The main early clinical concern in heart transplant (HTx) recipients is acute rejection, whereas cardiac allograft vasculopathy (CAV) remains a major cause of morbidity and mortality beyond the first year. The gold standard for the diagnosis of HTx rejection is Endomyocardial biopsy (EMB). However, this is an invasive procedure that needs to be performed serially and it is not free of complications. Alternatively, many non-invasive imaging techniques have been proposed for an early diagnosis of cardiac allograft injury. 

Non-invasive diagnostic tools allow continuous surveillance, providing useful diagnostic and prognostic insights. Unfortunately, they have a limited sensitivity and specificity. These include:

  • Electrocardiography

  • Biomarkers (i.e. troponin and natriuretic peptides)

  • Echocardiography (i.e. tissue Doppler, global longitudinal strain, and speckle-tracking)

  • Magnetic resonance imaging

  • Positron emission tomography. 

A large multicentre study was done providing a comprehensive intracoronary physiology assessment early and 1 year after HTx. FFR was used to evaluate epicardial coronary physiology, whereas both coronary flow reserve (CFR) and IMR were used to assess microvascular dysfunction. Concomitantly, IVUS was used to gain anatomical information. FFR, IMR, and CFR were performed in 254 patients early after HTx (median 7.2 weeks) and in 240 patients at 1 year. Patients were classified into three strata [normal physiology, abnormal epicardial physiology (FFR ≤0.80), and microvascular dysfunction (IMR ≥25 or CFR ≤2 with FFR >0.80].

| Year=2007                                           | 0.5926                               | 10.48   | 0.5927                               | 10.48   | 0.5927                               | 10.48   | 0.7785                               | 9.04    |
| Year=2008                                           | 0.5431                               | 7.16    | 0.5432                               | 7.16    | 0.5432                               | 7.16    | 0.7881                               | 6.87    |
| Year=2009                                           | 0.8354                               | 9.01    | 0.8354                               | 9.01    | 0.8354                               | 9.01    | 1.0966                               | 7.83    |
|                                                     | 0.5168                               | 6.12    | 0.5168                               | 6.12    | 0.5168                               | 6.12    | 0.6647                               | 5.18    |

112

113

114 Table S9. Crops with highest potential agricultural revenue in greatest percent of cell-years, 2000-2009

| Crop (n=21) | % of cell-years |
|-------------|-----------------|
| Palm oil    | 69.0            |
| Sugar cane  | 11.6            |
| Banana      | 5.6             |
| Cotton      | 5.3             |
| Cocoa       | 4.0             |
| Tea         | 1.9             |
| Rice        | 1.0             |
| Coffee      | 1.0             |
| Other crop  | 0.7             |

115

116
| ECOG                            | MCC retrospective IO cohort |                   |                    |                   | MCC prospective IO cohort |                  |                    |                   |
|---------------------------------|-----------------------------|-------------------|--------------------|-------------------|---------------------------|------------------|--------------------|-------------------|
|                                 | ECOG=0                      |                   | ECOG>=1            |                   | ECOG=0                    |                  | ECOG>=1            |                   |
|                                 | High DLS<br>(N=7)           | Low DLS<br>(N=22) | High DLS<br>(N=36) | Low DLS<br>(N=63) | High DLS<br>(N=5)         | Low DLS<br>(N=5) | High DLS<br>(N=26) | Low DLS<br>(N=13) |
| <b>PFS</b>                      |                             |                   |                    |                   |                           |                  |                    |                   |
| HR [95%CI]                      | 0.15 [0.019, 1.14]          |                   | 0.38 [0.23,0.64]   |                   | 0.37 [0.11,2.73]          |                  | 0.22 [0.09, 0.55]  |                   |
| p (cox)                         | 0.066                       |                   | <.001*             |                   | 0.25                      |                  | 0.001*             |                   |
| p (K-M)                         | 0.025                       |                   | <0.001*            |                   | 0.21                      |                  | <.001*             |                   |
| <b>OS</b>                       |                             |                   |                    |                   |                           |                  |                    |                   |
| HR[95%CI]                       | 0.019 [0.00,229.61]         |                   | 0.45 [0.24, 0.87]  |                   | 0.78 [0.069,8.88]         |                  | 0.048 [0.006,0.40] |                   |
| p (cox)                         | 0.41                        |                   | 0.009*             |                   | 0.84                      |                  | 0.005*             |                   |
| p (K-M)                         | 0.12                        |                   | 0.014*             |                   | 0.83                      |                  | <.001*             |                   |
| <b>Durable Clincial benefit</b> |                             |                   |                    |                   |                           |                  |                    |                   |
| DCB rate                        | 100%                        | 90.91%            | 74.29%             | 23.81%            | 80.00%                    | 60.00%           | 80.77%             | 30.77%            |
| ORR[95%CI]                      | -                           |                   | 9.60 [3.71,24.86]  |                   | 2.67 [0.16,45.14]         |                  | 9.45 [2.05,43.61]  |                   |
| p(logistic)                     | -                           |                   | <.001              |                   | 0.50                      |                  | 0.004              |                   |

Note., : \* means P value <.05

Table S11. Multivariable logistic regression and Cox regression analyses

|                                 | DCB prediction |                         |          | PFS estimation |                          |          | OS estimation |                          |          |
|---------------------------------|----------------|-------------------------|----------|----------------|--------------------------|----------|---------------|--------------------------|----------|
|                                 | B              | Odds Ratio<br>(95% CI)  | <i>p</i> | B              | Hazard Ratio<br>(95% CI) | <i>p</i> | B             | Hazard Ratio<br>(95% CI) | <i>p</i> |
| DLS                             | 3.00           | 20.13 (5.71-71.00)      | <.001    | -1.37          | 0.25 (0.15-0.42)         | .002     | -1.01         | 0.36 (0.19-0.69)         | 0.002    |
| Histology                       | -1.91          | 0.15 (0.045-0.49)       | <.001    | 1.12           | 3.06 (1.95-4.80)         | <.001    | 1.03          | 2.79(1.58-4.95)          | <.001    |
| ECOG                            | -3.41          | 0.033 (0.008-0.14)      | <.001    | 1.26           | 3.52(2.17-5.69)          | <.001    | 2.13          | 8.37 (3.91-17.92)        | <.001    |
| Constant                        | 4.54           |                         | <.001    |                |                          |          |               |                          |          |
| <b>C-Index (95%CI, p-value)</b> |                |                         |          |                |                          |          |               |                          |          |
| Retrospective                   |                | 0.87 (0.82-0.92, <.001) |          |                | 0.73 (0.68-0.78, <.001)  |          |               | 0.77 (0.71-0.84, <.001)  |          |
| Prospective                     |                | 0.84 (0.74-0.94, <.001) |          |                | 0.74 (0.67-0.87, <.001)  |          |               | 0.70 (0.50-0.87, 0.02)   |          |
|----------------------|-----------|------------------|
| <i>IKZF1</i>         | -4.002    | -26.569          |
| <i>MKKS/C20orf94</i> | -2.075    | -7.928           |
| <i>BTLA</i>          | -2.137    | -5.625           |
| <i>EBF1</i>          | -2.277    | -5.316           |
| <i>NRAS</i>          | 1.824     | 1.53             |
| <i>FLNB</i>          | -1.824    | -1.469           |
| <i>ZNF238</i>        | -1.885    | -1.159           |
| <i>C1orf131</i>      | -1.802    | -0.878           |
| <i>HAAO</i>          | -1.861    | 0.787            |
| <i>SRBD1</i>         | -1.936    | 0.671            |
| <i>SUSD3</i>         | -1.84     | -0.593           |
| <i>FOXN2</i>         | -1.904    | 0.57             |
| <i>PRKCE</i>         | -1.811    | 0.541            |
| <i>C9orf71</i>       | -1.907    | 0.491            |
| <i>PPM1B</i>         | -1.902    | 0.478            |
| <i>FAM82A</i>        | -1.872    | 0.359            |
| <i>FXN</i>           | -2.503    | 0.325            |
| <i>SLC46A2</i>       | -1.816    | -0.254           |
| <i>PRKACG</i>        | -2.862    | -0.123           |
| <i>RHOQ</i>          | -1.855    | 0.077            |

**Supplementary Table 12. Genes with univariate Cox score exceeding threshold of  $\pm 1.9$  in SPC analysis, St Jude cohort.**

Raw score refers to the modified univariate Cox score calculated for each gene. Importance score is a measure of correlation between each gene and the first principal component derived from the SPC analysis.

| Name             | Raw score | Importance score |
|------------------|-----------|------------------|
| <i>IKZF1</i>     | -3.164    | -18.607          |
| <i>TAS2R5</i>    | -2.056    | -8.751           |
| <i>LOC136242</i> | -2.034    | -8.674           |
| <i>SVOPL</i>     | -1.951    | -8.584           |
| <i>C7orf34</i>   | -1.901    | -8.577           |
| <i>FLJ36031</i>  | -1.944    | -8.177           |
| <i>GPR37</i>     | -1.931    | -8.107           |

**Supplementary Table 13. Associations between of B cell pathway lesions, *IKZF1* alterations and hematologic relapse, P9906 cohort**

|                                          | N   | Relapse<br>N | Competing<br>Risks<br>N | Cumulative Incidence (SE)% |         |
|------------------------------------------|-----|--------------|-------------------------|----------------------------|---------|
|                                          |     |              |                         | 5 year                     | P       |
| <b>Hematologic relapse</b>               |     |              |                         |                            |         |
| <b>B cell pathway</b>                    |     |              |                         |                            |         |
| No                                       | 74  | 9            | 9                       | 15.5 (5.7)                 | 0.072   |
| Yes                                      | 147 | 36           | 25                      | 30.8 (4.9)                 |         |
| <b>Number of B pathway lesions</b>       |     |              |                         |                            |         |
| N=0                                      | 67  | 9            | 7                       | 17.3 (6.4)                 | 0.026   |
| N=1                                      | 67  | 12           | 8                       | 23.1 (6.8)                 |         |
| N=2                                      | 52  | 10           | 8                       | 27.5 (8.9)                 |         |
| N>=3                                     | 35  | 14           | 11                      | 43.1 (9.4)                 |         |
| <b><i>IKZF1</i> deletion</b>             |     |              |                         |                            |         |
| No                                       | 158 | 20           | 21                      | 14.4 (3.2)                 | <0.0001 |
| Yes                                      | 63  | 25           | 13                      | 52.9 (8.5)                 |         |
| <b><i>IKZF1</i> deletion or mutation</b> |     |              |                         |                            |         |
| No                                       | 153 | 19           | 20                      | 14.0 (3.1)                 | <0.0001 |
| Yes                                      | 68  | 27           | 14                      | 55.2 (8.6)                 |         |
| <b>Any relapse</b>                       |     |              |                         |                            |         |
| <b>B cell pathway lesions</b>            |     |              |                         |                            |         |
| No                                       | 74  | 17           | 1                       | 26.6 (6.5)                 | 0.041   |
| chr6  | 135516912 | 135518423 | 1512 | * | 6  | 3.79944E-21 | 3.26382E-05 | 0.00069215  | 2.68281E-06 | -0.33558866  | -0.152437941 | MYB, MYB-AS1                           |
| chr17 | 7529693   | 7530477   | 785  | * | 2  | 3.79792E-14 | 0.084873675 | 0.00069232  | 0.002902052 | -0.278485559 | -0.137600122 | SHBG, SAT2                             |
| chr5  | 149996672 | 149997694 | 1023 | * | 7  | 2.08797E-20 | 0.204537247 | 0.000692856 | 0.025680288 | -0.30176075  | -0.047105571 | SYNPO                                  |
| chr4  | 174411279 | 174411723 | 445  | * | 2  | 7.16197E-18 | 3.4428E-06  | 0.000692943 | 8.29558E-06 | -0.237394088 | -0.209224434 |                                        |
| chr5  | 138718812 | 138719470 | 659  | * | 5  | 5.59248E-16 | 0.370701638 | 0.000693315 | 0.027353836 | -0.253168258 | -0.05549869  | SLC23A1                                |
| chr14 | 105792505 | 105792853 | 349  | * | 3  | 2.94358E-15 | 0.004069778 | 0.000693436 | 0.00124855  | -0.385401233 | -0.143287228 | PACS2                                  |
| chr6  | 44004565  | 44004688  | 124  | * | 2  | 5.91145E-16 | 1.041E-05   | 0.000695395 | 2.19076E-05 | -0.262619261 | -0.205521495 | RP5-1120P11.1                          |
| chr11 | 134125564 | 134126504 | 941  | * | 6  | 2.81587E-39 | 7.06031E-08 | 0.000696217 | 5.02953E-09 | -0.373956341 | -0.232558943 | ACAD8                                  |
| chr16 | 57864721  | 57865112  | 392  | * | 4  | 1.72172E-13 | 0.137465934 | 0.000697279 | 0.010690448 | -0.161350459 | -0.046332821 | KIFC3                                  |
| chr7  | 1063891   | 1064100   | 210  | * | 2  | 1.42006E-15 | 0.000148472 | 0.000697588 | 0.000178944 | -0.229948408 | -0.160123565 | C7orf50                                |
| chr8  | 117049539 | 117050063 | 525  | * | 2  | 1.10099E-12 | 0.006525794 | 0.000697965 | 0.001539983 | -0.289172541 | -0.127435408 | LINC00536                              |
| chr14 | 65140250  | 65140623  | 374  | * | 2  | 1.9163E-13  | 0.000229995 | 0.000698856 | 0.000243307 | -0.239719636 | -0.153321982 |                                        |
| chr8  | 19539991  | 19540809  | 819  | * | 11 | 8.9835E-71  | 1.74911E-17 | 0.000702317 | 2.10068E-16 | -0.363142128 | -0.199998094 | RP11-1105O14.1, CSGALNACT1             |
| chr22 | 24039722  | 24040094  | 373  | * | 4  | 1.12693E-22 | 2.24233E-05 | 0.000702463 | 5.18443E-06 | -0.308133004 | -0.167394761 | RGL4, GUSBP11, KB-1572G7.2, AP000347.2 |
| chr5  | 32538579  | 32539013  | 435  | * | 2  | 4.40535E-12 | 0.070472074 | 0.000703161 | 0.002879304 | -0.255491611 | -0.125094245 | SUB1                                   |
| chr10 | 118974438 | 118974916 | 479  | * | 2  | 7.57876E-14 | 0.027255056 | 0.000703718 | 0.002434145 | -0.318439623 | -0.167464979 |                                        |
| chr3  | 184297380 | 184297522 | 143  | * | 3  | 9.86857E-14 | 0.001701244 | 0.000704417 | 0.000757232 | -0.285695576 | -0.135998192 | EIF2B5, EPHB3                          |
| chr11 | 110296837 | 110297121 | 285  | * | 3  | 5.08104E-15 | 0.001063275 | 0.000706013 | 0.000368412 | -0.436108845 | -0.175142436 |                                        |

At baseline, 5.5% of patients had abnormal epicardial physiology and 36.6% had microvascular dysfunction; at 1 year, 5% had abnormal epicardial physiology whereas 23.8% showed microvascular dysfunction. Abnormal epicardial or microvascular physiology at baseline was not related to long-term clinical outcomes. However, both abnormal epicardial physiology [adjusted hazard ratio (HR) 3.7] and microvascular dysfunction (adjusted HR 2.35) at 1 year were independent predictors of death and repeat HTx at 10 years (primary outcome measure).

This was mostly a result of newly developed microvascular dysfunction. Importantly, intracoronary physiology data were able to improve the prognostic performance of classic clinical variables. However, IVUS-derived changes in intimal thickness were not predictive of adverse events. These investigators suggested that invasively assessing coronary physiology in HTx recipients may identify those potentially benefiting from a close follow-up and early therapeutic interventions.

post
Source

https://academic.oup.com/eurheartj/advance-article/doi/10.1093/eurheartj/ehab722/6401959?searchresult=1

Tags

Investigation Modality,Investigation and Imaging,Electrophysiology,Nuclear Cardiology,Electrocardiography,Echocardiography,MRI,CT scan,Electrophysiologic Testing